After more than four decades of rich history and a past dedicated to helping people, the Benelong’s Haven drug and alcohol rehabilitation centre in Kinchela has closed.
Founded in 1976 by revolutionary indigenous woman Valerie Bryant-Carroll , the haven was the first drug and rehabilitation facility to be owned and operated by an Aboriginal.
The centre went into liquidation on December 5, 2017 with many of its patients being referred to other rehab services.
“The existing clients were referred to different places with some people returning to their communities as they had finished their rehabilitation,” chairperson at the Land Council Arthur Kelly told the Argus.
Mr Kelly added that there are plans to hold meetings with other Indigenous services groups in the community to discuss a path moving forward.
While the chapter has ended for the 41-year-old haven, the stories of the people who kept Benelong’s operating will not be forgotten, least of all the tale of its founder Valerie (1933-2012).
Born in Nambucca Heads, Valerie was the first Aboriginal woman in Australia to approach the problem of drug and alcohol addiction among Aboriginal people.
In the evening after work, Valerie took to the streets of Sydney in an effort to help Aboriginal people who suffered with alcoholism. This help included running Alcoholics Anonymous meetings in Redfern until 1972-73, when she was funded as an Aboriginal alcohol worker. In the process of her journey helping others achieve sobriety, Bryant noticed the total lack of services available for indigenous alcoholics.
In 1974, Valerie established a facility in Marrickville, Sydney, called Benelong’s Haven, named after the first Aboriginal man to develop a drinking problem as a result of his association with English settlers.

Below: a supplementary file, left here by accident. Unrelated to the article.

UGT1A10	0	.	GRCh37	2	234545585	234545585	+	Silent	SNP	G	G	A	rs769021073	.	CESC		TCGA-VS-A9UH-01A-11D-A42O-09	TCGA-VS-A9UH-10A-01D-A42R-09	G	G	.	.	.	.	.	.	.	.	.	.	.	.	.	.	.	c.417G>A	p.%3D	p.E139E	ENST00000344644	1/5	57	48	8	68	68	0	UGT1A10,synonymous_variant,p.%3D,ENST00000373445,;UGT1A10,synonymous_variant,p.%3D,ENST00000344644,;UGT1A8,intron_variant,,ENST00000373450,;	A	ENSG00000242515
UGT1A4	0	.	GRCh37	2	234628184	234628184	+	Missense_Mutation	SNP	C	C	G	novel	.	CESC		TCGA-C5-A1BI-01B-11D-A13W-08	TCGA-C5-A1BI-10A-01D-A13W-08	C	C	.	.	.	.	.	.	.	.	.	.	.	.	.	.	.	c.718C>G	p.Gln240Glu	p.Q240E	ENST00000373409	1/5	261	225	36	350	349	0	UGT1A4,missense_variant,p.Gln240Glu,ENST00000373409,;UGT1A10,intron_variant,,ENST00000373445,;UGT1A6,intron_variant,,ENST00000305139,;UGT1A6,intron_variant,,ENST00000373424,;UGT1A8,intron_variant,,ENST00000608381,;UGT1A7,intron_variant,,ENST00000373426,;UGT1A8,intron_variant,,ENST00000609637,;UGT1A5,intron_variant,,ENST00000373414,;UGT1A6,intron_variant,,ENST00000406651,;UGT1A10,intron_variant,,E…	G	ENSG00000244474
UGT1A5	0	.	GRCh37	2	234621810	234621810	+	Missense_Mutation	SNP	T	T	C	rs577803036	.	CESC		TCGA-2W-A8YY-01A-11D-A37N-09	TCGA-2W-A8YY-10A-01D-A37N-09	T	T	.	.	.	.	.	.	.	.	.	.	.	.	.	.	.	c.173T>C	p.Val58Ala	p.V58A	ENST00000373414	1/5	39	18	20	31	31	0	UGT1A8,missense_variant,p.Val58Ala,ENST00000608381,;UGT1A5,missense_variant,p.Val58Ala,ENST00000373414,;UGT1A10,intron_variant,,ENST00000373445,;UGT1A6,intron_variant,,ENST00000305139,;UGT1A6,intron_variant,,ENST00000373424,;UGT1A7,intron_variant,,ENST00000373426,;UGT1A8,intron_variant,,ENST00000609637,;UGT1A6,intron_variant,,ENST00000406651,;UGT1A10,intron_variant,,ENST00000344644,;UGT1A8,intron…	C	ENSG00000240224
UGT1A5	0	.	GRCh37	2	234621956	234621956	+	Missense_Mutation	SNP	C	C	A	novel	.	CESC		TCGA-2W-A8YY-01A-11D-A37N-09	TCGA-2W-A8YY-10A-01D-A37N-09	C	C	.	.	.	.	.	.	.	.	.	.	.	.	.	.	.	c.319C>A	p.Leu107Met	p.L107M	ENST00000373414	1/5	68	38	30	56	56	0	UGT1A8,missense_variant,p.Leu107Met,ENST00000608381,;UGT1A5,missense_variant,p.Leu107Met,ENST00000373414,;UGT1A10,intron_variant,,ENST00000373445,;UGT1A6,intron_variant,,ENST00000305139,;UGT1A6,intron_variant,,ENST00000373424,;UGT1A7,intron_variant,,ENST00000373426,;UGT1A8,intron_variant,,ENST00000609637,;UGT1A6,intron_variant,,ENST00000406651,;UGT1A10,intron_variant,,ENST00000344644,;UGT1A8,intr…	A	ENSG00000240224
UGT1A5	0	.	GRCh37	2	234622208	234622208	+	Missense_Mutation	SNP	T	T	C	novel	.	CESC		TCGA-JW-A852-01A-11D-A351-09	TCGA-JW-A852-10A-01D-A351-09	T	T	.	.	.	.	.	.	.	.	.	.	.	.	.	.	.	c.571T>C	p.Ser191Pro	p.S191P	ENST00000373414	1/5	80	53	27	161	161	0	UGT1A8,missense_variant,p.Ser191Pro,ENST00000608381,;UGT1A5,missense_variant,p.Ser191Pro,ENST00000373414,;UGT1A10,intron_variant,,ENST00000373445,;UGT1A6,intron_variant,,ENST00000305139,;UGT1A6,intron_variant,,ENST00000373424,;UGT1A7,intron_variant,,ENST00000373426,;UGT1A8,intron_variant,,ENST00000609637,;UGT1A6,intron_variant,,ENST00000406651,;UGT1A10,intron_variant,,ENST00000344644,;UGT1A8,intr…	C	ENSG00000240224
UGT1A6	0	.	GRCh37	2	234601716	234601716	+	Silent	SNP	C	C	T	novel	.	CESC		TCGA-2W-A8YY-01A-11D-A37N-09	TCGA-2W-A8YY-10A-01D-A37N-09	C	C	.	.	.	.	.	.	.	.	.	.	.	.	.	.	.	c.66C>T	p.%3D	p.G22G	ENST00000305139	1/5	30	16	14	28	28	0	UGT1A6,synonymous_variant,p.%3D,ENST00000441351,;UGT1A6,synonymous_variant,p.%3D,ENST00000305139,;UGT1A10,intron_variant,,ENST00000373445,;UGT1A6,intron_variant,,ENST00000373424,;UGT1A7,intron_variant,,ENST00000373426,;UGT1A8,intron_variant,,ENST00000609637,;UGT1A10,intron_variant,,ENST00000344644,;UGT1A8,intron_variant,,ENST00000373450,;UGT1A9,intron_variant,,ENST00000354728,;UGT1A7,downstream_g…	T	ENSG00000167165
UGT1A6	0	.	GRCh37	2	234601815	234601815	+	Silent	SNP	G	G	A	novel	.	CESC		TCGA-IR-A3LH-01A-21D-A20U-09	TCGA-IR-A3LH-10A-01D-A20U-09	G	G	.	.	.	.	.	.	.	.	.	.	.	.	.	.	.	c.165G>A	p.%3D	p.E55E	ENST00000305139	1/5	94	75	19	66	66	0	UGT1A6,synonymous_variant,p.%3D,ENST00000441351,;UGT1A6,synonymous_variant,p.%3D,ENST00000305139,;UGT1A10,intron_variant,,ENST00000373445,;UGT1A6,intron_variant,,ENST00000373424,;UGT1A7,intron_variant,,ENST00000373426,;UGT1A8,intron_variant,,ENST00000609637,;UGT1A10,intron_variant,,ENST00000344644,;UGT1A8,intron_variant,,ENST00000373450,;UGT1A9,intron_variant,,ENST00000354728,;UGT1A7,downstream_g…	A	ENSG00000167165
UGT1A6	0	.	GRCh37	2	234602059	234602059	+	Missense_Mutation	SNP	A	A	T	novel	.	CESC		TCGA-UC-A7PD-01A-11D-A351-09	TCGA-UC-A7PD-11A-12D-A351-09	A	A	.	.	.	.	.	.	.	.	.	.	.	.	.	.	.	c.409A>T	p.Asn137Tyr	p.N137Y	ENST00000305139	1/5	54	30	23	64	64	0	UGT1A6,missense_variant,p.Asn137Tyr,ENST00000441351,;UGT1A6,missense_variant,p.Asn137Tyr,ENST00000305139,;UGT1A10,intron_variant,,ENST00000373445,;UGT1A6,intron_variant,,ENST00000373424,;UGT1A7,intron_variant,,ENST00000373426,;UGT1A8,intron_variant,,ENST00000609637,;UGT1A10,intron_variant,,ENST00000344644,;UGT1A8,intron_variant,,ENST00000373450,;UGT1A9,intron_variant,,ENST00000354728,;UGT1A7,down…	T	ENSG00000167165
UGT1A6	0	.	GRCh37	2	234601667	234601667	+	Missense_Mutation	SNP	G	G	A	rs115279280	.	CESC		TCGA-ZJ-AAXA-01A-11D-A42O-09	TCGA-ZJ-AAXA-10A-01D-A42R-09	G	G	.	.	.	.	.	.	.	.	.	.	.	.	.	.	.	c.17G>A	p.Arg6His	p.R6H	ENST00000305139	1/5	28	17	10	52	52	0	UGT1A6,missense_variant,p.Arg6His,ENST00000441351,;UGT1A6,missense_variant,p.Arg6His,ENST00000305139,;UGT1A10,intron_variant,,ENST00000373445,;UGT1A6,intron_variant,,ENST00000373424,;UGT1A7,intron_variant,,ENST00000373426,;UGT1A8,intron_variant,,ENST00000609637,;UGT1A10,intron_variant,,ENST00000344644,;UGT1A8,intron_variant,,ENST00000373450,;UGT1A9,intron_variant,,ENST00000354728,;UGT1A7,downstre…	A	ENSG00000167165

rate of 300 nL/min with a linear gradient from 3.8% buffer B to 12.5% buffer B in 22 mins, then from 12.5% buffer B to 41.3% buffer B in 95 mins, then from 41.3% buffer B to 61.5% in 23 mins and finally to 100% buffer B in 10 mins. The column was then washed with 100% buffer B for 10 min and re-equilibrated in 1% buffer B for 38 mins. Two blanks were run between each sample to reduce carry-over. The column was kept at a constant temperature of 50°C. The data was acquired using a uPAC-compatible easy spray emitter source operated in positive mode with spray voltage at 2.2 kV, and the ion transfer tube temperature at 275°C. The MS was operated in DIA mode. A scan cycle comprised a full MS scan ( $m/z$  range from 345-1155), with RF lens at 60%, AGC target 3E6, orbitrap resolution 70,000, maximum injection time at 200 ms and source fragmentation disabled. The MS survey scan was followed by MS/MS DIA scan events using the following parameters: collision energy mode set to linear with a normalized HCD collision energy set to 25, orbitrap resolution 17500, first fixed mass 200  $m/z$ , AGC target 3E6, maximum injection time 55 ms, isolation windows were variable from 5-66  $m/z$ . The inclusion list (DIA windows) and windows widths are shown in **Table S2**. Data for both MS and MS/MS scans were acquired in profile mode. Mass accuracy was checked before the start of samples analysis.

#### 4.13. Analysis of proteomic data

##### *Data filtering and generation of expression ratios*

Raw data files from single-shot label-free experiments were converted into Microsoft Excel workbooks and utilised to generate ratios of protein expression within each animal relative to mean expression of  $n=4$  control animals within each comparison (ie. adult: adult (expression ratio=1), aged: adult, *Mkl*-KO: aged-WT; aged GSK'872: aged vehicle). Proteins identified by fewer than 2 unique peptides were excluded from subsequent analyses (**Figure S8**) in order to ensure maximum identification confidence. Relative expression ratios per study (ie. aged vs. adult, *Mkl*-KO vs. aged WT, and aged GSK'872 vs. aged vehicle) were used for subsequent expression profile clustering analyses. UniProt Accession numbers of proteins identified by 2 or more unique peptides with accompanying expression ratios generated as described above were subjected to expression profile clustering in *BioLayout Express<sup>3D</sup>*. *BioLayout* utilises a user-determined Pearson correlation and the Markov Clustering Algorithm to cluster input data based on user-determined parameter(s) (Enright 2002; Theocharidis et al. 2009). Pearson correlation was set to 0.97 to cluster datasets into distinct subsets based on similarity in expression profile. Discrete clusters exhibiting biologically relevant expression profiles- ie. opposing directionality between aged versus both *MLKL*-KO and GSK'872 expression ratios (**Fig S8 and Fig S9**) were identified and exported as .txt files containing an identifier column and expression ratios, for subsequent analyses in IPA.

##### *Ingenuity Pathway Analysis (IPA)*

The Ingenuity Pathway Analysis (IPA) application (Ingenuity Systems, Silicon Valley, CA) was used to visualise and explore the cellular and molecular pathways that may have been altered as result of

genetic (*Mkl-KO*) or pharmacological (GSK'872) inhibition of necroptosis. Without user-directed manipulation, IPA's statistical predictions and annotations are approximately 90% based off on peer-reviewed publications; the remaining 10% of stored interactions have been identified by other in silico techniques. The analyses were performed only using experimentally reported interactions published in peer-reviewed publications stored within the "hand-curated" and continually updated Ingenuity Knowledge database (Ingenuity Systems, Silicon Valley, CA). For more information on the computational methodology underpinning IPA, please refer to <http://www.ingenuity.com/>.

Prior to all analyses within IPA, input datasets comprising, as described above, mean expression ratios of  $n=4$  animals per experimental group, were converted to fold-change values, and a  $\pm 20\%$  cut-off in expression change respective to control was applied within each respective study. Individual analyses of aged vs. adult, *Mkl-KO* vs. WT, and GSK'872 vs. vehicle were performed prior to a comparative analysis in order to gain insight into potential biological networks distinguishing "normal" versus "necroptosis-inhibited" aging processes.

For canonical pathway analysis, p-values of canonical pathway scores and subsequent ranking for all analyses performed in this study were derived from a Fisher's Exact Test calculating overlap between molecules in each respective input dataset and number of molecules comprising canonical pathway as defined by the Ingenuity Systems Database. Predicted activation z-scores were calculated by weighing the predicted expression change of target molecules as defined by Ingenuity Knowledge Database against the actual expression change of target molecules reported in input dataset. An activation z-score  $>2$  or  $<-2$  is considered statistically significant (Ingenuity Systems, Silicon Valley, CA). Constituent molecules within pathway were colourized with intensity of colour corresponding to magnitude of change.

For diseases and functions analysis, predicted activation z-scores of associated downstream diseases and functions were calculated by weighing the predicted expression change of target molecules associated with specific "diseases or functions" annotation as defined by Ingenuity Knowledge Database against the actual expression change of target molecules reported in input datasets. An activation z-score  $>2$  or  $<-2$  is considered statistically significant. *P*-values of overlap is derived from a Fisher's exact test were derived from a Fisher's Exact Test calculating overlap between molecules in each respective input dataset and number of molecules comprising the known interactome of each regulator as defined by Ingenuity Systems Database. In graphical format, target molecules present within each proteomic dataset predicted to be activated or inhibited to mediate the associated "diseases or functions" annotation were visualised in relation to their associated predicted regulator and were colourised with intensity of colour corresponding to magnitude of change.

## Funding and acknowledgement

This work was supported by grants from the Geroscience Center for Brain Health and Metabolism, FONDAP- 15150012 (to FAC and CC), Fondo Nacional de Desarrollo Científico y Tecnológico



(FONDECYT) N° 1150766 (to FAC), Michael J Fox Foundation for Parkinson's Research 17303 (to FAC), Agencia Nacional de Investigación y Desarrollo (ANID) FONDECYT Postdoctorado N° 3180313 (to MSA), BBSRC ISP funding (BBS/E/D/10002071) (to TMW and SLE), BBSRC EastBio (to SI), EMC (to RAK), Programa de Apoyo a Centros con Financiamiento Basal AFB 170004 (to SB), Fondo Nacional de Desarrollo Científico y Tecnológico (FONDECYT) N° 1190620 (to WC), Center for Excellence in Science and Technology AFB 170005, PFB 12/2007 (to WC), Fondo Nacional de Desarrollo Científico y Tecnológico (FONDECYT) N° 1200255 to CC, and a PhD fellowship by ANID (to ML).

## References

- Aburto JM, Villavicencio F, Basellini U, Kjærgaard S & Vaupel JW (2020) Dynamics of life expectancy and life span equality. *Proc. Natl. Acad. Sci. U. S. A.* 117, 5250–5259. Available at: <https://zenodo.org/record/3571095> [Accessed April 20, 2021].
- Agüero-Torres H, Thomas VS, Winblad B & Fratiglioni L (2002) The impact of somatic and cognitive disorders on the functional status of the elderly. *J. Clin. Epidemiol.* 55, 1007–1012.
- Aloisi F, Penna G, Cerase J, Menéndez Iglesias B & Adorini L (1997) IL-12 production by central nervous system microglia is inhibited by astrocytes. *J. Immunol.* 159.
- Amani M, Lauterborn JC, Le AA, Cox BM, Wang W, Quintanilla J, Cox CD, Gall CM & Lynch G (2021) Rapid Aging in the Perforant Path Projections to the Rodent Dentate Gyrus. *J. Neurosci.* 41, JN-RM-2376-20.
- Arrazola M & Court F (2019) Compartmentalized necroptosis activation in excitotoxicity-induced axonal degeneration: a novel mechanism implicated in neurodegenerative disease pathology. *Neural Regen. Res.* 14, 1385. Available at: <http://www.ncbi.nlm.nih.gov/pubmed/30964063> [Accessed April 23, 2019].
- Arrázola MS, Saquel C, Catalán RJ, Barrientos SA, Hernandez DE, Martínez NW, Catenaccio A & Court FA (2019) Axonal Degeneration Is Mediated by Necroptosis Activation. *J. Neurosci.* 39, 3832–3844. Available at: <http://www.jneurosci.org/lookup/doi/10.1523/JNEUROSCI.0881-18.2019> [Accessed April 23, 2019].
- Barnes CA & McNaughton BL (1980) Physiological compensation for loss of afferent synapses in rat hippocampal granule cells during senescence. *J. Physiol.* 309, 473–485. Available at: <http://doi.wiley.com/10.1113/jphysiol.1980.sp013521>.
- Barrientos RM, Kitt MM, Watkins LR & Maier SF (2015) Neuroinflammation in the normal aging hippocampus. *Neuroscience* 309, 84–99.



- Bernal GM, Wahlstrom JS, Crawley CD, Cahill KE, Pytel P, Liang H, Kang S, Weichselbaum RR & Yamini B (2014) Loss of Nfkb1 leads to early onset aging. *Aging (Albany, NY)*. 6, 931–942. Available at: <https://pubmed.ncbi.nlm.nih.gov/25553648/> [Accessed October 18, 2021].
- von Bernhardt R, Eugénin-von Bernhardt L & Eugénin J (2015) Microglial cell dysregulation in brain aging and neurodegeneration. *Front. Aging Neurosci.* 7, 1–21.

In 1976, due to increasing demand, she acquired the then derelict Kinchela Boys’ Home near Kempsey. The property was gradually rebuilt by clients whilst they participated in the program. She continued to rely on donations from the local community to maintain the haven.
Despite losing mobility after suffering a stroke while struggling for government assistance in the late 1980s, Bryant-Carroll continued to run Benelong's Haven until just a couple of years ago, when it became physically impossible for her to continue
The Alcoholics Anonymous Program at the haven has been the central focus for the treatment of clients. In the past seven years the program has had to develop a strong psycho-therapeutic component to meet the problems confronted by the young urban Aboriginal population including drug use, suicide, serious crime, domestic violence, sexual assault and imprisonment.
Benelong’s Haven also accepted many of its clients from the Criminal Justice system which was an alternative to jail for many young Aboriginal offenders with alcohol and drug related problems.
In recognition of her services to the Aboriginal community, Valerie was awarded the Medal of Order of Australia in 1978 and the World Healing Our Spirit Medal in 1994. In 2000 she was awarded an honorary doctorate in education by the University of Newcastle.